Over 1kg of plastic waste is produced per patient anesthetised, Spanish study finds
Over 1kg of plastic waste is generated per anesthesia procedure, an audit of surgical patients in a burns unit in Spain has revealed. Plastic wrappers are the most common item of waste. These results will be presented at Euroanaesthesia, the annual meeting of the European Society of Anaesthesiology.
It is estimated that hospitals contribute up to 1 percent of solid waste in developed countries, with 21 to 30 percent of this coming from surgery. It has also been estimated that up to 60 percent of this waste could be recycled. Knowing more about how and when the waste is generated could raise awareness of the issue and contribute to better recycling, as well as reduce the unnecessary use of plastics.
Anesthesia residents Dr. Fernando Suels and Dr. Oscar Alfani and colleagues at anaesthesiology and intensive care department of Vall D’Hebron Hospital, Barcelona, Spain, collected and weighed the waste generated from anesthesia procedures in the operating theater of their hospital’s burns unit in November 2020. Waste generated by other teams was excluded.
They then looked at how the patient’s sex, health (ASA score), type and length of procedure and type of anesthesia affected the amount of plastic waste.
The 10 women and 24 men whose burns operations were included in the study had an average age of 49.7.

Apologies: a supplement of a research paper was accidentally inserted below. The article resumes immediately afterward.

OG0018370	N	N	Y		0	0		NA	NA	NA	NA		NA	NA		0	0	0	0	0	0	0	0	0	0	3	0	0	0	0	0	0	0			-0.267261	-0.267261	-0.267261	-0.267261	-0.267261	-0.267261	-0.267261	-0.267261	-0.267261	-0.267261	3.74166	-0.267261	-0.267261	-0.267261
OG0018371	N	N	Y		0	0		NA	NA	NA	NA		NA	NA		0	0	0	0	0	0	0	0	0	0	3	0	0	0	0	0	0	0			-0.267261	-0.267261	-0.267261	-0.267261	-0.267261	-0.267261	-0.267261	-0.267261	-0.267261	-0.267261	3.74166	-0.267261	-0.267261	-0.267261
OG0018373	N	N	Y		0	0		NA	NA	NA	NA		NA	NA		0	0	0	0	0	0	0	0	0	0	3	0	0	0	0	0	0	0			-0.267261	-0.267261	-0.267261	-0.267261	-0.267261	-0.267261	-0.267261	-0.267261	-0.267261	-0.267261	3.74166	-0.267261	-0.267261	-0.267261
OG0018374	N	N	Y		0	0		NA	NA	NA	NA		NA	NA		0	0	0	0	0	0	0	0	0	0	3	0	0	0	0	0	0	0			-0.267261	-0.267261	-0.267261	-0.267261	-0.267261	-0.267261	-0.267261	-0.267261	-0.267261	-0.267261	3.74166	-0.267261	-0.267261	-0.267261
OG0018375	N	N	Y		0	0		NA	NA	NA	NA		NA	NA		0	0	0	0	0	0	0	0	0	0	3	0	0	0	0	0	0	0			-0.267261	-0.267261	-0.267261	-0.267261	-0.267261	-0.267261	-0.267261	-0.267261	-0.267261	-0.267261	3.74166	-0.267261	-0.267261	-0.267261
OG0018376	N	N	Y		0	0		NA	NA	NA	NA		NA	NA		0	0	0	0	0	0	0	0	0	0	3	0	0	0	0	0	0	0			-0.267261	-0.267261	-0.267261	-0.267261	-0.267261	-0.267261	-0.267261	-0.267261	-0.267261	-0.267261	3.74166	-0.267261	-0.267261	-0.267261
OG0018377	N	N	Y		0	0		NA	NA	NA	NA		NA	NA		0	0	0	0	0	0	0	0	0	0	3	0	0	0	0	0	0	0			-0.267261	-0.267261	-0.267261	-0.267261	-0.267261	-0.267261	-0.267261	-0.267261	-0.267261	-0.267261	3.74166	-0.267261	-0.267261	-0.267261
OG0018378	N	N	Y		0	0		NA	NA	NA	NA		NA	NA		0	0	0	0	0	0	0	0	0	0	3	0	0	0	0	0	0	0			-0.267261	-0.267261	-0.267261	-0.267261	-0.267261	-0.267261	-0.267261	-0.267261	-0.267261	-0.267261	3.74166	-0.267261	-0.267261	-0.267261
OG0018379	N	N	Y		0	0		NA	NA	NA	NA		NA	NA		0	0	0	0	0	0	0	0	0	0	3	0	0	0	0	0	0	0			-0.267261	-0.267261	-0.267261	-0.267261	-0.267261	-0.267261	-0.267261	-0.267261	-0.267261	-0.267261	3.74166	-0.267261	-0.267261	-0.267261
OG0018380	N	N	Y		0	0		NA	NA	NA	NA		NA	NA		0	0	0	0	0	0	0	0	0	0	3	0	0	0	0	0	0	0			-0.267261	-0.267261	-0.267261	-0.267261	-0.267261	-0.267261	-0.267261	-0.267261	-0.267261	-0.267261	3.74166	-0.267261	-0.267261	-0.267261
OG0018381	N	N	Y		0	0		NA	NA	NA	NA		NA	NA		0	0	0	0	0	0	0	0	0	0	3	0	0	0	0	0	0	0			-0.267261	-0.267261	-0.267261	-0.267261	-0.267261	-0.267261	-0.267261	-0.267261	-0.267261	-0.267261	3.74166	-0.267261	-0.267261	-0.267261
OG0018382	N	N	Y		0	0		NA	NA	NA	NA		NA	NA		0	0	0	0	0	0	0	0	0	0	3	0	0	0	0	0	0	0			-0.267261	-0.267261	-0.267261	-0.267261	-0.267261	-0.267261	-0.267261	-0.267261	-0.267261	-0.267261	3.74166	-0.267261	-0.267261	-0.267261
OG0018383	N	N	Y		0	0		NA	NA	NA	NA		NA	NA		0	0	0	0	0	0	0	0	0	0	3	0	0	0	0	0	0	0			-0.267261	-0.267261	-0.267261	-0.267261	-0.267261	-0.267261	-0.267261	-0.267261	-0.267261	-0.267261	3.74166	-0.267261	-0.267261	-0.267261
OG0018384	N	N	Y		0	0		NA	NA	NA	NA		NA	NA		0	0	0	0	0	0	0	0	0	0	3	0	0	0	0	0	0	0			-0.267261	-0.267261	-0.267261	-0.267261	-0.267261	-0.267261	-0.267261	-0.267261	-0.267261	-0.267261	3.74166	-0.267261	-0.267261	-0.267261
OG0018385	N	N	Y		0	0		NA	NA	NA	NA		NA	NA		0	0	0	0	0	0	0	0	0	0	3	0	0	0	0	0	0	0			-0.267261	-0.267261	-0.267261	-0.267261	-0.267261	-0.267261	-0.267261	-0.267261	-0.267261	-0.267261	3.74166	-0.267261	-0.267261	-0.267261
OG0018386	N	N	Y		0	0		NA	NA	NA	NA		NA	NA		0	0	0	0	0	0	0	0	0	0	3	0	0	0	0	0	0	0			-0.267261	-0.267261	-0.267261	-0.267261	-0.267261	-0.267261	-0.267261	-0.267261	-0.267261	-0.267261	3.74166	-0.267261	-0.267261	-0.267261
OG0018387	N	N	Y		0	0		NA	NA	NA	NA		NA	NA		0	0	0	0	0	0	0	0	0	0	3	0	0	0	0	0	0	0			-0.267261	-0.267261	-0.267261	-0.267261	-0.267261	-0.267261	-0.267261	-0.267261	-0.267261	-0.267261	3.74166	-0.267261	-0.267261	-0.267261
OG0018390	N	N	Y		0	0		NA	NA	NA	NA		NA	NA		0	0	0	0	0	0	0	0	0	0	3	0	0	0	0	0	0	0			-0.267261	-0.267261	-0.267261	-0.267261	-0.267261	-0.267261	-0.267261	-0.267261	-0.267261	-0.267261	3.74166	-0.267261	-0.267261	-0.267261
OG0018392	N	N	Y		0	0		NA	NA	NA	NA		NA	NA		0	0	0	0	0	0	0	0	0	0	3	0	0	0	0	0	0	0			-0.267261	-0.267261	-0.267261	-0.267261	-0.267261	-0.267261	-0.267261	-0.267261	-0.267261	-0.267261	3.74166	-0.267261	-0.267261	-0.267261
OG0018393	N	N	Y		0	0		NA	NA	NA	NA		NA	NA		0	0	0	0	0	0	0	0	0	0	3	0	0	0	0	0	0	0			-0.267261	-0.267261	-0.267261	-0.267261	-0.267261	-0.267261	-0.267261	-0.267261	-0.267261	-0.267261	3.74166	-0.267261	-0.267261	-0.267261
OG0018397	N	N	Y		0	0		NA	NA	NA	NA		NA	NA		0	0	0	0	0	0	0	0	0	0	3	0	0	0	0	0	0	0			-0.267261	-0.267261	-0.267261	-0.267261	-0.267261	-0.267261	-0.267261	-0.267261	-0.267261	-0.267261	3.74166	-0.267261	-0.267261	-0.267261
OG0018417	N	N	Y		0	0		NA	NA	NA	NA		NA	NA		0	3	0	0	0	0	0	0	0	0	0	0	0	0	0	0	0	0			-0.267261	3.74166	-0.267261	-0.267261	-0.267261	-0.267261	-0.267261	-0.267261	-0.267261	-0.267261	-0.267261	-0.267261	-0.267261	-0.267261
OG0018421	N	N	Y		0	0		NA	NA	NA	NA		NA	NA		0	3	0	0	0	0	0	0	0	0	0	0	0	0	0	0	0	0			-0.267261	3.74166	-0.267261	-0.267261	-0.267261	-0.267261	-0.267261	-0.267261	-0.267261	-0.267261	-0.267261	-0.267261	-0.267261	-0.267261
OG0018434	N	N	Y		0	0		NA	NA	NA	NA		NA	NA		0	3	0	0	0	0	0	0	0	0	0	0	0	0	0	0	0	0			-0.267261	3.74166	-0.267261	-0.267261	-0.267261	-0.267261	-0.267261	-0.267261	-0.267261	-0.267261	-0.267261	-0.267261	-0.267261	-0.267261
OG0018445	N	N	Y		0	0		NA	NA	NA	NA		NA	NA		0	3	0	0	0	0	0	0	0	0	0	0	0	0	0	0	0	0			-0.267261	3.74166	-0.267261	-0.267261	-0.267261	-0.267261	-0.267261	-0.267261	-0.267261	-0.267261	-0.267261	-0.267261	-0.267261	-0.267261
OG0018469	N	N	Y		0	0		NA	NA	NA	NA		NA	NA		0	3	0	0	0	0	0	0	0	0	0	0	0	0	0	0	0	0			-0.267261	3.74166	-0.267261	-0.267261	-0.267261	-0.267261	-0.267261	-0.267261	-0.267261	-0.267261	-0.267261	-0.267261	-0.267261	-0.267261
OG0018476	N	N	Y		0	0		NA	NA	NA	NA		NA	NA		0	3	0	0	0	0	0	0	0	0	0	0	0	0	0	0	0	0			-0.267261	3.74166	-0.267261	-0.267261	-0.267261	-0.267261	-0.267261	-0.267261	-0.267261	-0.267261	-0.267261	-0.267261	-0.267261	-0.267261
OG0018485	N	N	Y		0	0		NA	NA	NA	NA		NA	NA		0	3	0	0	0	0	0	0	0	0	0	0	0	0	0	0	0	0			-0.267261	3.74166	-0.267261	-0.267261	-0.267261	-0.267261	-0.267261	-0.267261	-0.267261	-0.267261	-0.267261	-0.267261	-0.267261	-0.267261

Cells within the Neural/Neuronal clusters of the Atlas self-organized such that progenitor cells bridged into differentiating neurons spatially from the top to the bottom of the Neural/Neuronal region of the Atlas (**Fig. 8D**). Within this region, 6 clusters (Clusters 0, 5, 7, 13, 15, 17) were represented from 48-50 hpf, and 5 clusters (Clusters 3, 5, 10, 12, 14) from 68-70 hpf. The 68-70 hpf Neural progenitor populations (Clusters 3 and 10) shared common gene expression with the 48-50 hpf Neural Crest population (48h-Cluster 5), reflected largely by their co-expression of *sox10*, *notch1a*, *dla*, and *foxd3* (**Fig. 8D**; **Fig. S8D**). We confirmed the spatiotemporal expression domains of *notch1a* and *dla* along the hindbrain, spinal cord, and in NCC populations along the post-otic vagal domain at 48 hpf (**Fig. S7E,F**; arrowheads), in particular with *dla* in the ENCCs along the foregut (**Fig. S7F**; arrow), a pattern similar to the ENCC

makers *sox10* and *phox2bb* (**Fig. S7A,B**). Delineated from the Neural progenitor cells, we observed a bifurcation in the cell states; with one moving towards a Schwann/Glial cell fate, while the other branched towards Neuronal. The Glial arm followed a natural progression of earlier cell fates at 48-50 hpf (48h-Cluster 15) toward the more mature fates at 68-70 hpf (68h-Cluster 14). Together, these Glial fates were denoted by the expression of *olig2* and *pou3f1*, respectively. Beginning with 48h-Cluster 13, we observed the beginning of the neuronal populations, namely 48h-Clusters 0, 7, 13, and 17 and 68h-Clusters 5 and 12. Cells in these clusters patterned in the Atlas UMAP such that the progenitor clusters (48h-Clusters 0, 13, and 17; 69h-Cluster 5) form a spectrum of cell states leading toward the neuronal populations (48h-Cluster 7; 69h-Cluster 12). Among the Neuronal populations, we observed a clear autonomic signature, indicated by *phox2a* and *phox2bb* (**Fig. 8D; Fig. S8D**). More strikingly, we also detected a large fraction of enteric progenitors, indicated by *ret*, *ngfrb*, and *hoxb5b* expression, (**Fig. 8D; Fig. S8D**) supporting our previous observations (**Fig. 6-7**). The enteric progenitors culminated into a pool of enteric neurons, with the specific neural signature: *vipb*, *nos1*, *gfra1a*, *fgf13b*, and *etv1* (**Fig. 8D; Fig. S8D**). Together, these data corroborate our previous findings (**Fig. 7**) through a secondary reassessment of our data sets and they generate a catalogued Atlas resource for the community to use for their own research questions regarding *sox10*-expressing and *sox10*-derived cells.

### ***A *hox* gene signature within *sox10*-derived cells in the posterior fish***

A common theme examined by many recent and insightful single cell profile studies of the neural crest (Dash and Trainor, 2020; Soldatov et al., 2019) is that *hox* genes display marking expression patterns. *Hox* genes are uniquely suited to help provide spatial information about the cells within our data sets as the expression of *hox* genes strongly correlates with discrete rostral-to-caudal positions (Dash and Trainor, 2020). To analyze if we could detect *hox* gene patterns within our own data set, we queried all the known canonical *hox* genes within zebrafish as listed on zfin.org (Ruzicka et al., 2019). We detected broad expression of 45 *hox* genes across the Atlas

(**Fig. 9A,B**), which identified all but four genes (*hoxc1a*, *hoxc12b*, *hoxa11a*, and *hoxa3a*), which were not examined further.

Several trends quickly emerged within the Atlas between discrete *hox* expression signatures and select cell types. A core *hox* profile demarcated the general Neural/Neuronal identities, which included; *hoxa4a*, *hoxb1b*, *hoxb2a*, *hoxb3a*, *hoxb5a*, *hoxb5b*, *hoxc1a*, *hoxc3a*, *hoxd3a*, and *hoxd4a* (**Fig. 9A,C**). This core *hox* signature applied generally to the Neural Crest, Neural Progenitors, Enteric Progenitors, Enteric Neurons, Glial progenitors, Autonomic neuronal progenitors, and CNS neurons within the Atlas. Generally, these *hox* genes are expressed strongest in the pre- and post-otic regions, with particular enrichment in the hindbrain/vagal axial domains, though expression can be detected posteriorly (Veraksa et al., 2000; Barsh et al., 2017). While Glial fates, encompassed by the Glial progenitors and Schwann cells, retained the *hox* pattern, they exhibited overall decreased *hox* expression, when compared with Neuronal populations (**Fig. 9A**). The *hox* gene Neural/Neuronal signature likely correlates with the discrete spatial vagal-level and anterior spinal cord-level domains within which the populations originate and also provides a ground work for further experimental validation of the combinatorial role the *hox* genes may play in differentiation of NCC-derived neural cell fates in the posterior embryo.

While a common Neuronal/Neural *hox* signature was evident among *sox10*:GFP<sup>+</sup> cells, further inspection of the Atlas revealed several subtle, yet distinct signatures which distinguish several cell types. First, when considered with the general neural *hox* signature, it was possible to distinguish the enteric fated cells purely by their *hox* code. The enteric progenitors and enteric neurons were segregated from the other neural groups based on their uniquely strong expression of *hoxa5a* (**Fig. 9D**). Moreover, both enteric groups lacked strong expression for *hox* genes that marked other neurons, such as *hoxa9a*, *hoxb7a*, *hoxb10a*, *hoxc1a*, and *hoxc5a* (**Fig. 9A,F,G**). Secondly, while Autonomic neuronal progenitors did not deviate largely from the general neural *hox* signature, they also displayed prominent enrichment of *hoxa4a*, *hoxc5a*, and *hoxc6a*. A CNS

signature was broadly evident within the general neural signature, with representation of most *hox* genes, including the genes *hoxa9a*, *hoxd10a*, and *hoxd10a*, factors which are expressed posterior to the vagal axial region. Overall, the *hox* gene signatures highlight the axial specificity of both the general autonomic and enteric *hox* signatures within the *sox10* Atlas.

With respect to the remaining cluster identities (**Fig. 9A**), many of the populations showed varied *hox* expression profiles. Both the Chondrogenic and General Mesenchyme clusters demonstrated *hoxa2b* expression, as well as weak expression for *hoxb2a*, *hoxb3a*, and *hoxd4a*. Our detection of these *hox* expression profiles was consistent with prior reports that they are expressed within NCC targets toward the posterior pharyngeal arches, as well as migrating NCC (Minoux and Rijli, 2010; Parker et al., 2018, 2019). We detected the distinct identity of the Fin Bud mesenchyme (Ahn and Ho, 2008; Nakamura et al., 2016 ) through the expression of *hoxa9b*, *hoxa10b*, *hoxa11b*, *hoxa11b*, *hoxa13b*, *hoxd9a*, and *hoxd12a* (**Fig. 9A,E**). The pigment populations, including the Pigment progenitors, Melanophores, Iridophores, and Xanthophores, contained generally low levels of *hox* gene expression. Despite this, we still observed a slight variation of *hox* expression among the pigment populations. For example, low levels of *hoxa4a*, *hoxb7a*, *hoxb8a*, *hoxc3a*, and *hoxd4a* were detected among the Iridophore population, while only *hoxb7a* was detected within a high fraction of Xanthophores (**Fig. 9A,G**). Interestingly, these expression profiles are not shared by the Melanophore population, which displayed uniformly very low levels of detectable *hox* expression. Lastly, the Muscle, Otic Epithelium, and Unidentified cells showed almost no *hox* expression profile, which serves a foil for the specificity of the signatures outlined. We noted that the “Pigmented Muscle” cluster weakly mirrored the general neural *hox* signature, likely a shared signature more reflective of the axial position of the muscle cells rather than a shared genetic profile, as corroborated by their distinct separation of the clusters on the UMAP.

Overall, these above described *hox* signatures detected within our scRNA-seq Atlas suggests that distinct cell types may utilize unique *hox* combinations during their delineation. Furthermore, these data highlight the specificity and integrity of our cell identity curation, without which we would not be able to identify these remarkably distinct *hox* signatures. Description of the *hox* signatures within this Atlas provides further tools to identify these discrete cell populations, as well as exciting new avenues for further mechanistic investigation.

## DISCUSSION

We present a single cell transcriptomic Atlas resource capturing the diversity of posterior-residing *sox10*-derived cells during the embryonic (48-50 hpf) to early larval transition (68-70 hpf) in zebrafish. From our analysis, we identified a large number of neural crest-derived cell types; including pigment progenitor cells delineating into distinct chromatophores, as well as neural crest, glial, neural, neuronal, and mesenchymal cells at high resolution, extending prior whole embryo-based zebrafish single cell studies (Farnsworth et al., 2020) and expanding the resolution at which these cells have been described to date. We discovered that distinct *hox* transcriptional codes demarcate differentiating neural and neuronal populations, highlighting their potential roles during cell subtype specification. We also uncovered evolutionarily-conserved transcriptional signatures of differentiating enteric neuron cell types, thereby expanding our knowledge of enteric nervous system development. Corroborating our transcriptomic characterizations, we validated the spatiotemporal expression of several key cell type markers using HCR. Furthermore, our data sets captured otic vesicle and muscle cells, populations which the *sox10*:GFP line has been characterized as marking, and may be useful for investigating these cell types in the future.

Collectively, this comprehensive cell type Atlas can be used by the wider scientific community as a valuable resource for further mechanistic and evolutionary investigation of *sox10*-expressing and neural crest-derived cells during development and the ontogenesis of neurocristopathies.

An average of 1,057g of plastic waste was generated, per patient, from anesthesia alone. General anesthesia produced almost three times as much plastic waste (1,407g) per procedure as sedation / local anesthesia (492g).
Examples of the plastic items discarded as waste include syringes, infusion lines, aspiration tubes and their wrappers.
The type of surgery (severity of the burn) did not affect the amount of plastic waste but longer operations were associated with more waste. There was no difference in plastic waste between male and female patients.
The anesthesia of the sickest patients, those with an ASA score of IV, produced more waste. But as there were only two patients in this category, no firm conclusions can be drawn.
Plastic wrappers were the most common item, although they did not account for the bulk of the weight.
The researchers say that it is likely that similar amounts of plastic waste are produced in other hospitals in Spain and around the world and, although some is recycled, more recycling could be done.
Dr. Suels explains: “More than 50 types of plastic items are commonly used in the operating theater and because almost everything is sterile and single-use, almost every item comes in a plastic wrapper.
“While materials that have been in contact with biological fluids cannot be recycled, it’s estimated that up to 60 percent of the plastic used by anesthesia in surgery is suitable for recycling.
“Although there is some recycling of plastic wrappers and other items, more recycling could be done.
“Other strategies include working on the other two ‘Rs’ of waste management, Reduce and Reuse (where possible), which are even better for the environment than recycling, and running educational campaigns.”